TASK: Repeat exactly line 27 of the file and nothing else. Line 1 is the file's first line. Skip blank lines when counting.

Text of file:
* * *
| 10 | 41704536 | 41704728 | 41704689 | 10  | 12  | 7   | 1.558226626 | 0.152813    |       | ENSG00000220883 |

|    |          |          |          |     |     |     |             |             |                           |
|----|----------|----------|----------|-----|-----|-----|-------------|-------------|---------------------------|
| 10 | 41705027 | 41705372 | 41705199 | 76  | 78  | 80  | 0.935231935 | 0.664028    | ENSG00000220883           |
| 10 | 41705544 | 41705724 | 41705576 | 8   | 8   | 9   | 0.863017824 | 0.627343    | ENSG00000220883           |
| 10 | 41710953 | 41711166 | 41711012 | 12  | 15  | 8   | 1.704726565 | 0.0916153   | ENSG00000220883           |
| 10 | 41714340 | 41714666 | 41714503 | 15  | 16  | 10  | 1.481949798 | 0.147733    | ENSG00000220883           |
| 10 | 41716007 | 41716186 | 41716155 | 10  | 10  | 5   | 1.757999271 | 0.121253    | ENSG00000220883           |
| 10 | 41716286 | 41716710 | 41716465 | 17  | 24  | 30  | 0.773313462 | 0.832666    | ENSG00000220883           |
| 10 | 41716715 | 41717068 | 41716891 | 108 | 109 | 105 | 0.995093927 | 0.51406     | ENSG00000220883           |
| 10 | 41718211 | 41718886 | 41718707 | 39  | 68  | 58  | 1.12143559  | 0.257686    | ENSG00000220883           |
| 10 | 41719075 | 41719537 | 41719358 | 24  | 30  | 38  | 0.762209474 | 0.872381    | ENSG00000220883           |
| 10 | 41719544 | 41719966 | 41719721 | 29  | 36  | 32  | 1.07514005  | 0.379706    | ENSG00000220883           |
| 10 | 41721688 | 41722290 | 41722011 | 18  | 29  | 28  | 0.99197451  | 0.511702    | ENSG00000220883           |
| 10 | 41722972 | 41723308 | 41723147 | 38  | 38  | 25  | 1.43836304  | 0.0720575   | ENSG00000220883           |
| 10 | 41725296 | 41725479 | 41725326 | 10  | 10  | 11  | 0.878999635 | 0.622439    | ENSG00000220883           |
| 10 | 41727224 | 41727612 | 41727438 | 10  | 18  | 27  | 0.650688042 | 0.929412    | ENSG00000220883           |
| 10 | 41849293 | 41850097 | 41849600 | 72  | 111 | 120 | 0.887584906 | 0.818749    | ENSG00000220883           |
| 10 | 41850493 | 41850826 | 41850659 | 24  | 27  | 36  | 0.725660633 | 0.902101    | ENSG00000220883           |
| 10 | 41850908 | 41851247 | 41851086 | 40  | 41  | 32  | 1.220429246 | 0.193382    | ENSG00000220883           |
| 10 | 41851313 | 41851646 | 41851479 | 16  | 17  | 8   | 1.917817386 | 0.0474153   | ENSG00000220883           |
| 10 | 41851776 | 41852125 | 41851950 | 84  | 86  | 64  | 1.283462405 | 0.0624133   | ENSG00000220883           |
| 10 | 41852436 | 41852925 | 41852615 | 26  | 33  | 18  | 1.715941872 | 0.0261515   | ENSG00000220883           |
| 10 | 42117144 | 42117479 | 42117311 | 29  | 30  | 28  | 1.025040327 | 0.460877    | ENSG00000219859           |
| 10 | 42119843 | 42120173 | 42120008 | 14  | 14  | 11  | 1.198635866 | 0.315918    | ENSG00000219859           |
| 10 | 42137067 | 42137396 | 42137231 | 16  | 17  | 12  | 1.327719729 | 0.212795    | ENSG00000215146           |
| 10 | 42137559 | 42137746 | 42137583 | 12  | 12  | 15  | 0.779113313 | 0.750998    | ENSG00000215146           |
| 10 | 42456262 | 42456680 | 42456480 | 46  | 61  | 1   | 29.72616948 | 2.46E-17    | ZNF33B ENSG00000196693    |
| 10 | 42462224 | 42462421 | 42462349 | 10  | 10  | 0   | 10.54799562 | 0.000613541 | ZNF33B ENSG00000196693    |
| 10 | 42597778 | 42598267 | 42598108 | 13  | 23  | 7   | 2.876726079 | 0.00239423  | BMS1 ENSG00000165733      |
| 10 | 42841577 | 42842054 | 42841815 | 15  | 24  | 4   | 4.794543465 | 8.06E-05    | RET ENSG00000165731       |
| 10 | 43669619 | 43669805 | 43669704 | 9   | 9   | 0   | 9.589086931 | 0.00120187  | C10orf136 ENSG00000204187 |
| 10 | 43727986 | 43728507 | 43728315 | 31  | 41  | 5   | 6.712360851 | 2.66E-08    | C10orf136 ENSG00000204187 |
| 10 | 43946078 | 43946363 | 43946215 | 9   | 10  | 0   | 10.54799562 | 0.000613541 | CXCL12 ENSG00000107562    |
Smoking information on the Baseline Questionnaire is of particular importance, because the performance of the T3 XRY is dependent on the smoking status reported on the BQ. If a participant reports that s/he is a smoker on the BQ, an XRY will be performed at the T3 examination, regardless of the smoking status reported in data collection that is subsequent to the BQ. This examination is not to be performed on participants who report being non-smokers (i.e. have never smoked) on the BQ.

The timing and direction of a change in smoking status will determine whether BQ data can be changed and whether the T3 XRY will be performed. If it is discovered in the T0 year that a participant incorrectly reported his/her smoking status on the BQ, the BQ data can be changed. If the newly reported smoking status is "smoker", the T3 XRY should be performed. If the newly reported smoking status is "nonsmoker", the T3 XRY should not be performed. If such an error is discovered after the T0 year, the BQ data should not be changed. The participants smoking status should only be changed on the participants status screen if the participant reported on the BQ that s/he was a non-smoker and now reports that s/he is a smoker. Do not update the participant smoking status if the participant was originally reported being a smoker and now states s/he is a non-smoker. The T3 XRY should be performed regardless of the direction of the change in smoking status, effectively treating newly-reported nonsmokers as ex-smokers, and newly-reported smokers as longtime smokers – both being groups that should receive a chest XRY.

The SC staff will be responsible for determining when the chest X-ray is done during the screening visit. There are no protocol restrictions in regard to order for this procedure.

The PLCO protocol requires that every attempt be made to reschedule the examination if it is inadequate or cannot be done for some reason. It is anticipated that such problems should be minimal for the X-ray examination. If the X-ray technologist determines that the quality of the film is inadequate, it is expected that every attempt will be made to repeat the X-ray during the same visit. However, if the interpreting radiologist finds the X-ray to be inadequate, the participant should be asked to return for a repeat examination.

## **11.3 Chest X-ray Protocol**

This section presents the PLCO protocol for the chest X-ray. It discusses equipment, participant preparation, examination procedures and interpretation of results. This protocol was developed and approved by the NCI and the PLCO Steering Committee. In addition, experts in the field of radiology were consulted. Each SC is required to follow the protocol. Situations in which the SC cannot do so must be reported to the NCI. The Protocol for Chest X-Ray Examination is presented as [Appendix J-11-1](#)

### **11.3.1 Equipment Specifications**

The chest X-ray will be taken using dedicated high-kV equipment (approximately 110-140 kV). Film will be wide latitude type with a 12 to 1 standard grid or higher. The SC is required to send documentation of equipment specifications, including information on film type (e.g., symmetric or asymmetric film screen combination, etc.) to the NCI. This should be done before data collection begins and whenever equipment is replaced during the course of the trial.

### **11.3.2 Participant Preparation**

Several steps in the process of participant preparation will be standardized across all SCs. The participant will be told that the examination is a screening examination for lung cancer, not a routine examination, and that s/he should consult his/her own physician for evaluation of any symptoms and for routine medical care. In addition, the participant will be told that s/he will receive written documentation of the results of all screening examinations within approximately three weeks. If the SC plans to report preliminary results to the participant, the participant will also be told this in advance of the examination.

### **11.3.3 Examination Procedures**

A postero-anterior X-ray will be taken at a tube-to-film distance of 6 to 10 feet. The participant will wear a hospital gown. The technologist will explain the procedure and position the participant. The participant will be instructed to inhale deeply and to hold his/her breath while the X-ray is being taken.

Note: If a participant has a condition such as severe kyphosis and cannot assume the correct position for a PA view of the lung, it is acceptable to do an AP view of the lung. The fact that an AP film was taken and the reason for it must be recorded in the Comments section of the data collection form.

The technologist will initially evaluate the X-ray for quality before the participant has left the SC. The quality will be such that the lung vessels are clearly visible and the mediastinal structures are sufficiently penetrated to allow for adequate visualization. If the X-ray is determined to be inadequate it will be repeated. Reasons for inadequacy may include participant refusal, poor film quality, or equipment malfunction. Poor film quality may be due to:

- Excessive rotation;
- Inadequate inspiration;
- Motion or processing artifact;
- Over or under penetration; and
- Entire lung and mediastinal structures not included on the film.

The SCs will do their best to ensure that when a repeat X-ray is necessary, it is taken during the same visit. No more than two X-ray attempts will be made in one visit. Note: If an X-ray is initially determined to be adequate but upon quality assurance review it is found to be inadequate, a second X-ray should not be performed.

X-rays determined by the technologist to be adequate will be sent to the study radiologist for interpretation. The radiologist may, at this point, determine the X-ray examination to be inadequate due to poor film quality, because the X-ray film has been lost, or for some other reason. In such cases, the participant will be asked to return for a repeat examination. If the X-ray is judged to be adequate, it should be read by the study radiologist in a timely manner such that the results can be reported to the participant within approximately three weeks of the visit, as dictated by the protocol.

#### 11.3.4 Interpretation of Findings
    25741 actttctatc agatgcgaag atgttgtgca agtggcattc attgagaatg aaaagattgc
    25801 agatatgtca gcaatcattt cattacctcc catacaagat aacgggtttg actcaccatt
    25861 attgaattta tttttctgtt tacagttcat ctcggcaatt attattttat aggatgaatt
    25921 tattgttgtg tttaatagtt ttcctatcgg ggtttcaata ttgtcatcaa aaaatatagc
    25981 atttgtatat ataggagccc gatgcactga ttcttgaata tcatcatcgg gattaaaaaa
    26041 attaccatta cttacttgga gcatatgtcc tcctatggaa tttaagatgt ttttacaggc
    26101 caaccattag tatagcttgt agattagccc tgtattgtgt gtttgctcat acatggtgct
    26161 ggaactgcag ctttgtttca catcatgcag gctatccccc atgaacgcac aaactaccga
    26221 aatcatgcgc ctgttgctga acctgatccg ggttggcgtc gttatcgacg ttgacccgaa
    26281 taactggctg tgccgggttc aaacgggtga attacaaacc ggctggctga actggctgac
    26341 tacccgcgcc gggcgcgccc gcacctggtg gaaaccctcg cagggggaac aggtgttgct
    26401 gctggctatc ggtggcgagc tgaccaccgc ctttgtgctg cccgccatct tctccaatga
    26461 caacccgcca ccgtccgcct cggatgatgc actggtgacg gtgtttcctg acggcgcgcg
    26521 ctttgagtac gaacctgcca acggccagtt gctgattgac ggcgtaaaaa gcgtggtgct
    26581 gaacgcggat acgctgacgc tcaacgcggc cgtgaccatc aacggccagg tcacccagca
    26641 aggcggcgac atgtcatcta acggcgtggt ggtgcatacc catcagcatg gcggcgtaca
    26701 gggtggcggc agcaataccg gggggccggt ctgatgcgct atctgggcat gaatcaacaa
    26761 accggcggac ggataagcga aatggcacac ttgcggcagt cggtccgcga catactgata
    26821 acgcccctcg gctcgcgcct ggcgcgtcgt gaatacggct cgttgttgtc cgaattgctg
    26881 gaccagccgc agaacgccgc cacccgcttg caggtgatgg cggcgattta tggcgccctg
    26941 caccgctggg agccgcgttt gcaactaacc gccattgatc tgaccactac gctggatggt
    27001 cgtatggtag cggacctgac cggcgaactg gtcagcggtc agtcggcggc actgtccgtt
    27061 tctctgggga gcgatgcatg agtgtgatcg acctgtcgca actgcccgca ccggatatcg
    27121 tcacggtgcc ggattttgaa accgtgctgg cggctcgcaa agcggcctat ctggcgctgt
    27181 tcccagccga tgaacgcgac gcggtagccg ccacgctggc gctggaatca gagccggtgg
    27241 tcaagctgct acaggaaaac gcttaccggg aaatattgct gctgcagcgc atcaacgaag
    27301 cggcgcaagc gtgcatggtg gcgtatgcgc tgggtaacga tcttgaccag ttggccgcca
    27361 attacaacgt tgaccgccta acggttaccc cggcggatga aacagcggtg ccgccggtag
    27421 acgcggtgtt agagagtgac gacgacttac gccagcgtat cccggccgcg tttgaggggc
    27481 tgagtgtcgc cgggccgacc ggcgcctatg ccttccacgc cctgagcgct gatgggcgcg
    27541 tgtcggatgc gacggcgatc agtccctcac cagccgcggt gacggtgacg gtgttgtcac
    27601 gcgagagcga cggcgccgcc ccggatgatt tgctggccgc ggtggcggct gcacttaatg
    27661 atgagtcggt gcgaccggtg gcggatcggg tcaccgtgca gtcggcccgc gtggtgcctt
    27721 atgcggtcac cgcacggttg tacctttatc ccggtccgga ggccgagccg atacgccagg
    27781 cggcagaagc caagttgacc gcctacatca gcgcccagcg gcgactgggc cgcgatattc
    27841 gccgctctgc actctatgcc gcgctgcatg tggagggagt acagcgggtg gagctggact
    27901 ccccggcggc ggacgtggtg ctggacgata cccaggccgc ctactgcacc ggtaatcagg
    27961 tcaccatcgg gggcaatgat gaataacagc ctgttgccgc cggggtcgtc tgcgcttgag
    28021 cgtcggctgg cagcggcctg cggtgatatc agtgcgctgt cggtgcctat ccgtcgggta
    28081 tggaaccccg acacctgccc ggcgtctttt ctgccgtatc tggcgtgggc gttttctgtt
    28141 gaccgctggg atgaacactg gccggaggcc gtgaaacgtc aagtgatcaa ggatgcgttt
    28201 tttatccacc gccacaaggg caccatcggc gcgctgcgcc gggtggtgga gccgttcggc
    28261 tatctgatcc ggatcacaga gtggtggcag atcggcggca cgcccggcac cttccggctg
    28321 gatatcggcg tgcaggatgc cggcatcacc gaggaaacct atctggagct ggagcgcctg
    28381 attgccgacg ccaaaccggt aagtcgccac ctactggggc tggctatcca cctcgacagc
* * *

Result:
| 10 | 42137559 | 42137746 | 42137583 | 12  | 12  | 15  | 0.779113313 | 0.750998    | ENSG00000215146           |